Finally, these data demonstrate the utility of siRNA functional profiling in target identification in malignant cells. Perhaps the most important facet of these findings is the ability of functional profiling to identify a wide range of targets, which is not limited to mutated targets, in malignant cells. Indeed, the ability of c-KIT to signal through JAK1 and JAK3 might prompt an investigation as to the efficacy of new JAK3 inhibitors in c-KIT derived cancer, especially in cases with imatinib-resistant mutations in c-KIT.57 Along similar lines, this assay might also prove useful for the determination of sensitivity profiles of other kinases with drug-resistant mutations, such as BCR-ABL or epidermal growth factor receptor (EGFR). Additionally, siRNA targeting of the focal adhesion kinases, PTK2 and PTK2B, in both CMK and HMC1.1 cells yielded reduction in cell growth and viability. This might reveal a novel target for therapeutic intervention in malignancies that depend on c-KIT, JAK1, or JAK3 signaling. Thus, siRNA functional profiling might provide an efficient diagnostic tool for identification of molecular targets for therapeutic intervention in malignant cells, such that patients might be matched with a cocktail of small-molecule kinase inhibitors that are individually tailored to their cancer.

Figure S1

Supplementary PDF file available online.

Figure S2

Supplementary PDF file available online.

Figure S3

Supplementary PDF file available online.

Table S1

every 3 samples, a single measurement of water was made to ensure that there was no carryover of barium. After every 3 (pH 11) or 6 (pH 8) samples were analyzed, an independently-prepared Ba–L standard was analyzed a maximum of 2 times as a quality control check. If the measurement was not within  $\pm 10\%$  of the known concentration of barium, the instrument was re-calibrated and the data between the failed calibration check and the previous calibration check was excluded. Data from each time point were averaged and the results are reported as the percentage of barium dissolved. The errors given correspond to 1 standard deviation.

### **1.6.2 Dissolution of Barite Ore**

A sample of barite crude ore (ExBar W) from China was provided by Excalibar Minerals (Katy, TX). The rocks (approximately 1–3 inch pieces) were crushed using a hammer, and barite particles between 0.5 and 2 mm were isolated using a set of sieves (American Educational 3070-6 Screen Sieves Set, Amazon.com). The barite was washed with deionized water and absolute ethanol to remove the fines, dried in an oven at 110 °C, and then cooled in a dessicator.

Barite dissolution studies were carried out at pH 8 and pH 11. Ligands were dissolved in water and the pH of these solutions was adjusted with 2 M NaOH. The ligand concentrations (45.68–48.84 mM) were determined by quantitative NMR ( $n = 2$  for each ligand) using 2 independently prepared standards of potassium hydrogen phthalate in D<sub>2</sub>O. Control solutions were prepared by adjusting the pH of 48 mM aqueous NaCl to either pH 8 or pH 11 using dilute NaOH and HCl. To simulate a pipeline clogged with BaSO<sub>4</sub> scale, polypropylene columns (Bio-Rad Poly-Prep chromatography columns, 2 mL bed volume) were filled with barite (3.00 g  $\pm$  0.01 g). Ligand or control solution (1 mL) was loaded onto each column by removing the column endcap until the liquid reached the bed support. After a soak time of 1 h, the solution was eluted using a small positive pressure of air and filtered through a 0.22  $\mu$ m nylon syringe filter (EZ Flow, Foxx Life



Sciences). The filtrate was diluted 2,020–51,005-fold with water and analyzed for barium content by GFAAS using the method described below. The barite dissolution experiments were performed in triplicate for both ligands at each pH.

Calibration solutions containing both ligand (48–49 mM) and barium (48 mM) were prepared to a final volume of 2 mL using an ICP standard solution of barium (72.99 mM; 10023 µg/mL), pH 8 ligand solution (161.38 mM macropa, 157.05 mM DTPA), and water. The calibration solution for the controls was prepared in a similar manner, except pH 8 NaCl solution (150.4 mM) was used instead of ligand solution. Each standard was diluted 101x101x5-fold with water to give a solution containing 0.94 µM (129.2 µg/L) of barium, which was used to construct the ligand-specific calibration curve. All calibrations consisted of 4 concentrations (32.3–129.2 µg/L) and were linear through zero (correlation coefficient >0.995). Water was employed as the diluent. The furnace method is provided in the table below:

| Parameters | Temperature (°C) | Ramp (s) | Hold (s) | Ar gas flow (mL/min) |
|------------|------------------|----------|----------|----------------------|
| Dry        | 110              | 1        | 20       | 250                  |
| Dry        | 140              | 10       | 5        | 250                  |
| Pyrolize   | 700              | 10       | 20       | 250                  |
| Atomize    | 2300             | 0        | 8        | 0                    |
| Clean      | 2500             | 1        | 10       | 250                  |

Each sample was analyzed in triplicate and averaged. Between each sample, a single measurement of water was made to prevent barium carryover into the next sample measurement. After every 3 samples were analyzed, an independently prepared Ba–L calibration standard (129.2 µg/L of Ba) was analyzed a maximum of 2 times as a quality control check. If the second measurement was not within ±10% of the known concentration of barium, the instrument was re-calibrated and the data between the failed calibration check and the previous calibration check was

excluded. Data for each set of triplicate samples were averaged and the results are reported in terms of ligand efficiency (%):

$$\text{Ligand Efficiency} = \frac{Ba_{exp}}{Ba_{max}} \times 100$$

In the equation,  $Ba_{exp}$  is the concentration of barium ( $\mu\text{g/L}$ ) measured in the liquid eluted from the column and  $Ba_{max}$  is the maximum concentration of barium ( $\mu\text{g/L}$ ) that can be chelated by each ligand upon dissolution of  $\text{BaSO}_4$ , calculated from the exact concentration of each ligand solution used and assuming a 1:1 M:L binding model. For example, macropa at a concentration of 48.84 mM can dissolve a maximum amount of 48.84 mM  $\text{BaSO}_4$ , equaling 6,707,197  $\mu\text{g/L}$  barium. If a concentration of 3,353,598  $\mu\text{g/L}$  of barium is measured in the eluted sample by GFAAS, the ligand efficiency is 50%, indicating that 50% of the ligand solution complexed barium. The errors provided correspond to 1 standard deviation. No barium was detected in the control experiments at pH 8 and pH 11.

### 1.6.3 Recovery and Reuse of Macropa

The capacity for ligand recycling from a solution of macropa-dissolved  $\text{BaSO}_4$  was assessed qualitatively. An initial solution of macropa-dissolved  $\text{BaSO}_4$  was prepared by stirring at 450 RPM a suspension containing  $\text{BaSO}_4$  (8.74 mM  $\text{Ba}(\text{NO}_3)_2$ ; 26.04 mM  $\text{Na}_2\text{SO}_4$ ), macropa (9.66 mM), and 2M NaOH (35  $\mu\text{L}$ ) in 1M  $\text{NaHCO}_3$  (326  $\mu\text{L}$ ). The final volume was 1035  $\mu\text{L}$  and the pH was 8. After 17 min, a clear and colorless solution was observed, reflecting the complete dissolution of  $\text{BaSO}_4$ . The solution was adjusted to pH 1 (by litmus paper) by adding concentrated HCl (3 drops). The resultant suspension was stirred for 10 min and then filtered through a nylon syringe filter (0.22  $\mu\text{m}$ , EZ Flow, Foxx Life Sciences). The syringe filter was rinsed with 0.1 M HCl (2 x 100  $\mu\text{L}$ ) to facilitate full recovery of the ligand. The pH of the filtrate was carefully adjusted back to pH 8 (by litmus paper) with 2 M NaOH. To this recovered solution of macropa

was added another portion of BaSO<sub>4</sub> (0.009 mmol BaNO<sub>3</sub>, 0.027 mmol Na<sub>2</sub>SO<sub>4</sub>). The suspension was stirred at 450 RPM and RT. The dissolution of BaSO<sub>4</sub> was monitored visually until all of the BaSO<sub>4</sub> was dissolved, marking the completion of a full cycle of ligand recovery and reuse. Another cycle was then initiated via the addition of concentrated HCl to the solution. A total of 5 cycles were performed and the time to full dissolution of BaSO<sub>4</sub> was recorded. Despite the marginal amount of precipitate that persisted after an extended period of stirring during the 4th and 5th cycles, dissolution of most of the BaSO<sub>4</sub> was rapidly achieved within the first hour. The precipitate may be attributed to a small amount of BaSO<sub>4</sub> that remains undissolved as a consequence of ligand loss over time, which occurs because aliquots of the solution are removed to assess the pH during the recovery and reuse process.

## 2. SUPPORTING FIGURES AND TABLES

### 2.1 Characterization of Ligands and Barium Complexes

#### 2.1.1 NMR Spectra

Supplementary PDF file available online.

Table S2

Supplementary PDF file available online.

Document S1

Supplementary PDF file available online.


Contribution: J.W.T. designed and performed research, analyzed data, and wrote the paper; D.K.W., S.W., M.L., J.O., H.E., and A.S.C. performed research; T.O. and M.L. designed research; and M.C.H., M.W.D., and B.J.D. contributed vital reagents, designed research, and revised the paper.

Conflict-of-interest disclosure: The authors declare no competing financial interests.

Correspondence: Brian J. Druker, Basic Science 5390, Mailcode L592, 3181 SW Sam Jackson Park Road, Portland, OR 97239;e-mail: drukerb{at}


This work was supported in part by the Leukemia and Lymphoma Society, the T..J. Martell Foundation, and the Doris Duke Charitable Foundation. J.W.T. is supported by a cancer biology training grant from the National Institutes of Health. M.C.H. is supported in part by a VA Merit Review Grant. B.J.D. is an investigator of the Howard Hughes Medical Institute.

National Institutes of Health
Howard Hughes Funding


  • The online version of this article contains a data supplement.

  • The publication costs of this article were defrayed in part by page charge payment. Therefore, and solely to indicate this fact, this article is hereby marked “advertisement” in accordance with 18 USC section 1734.

  • Submitted June 21, 2007.
  • Accepted November 12, 2007.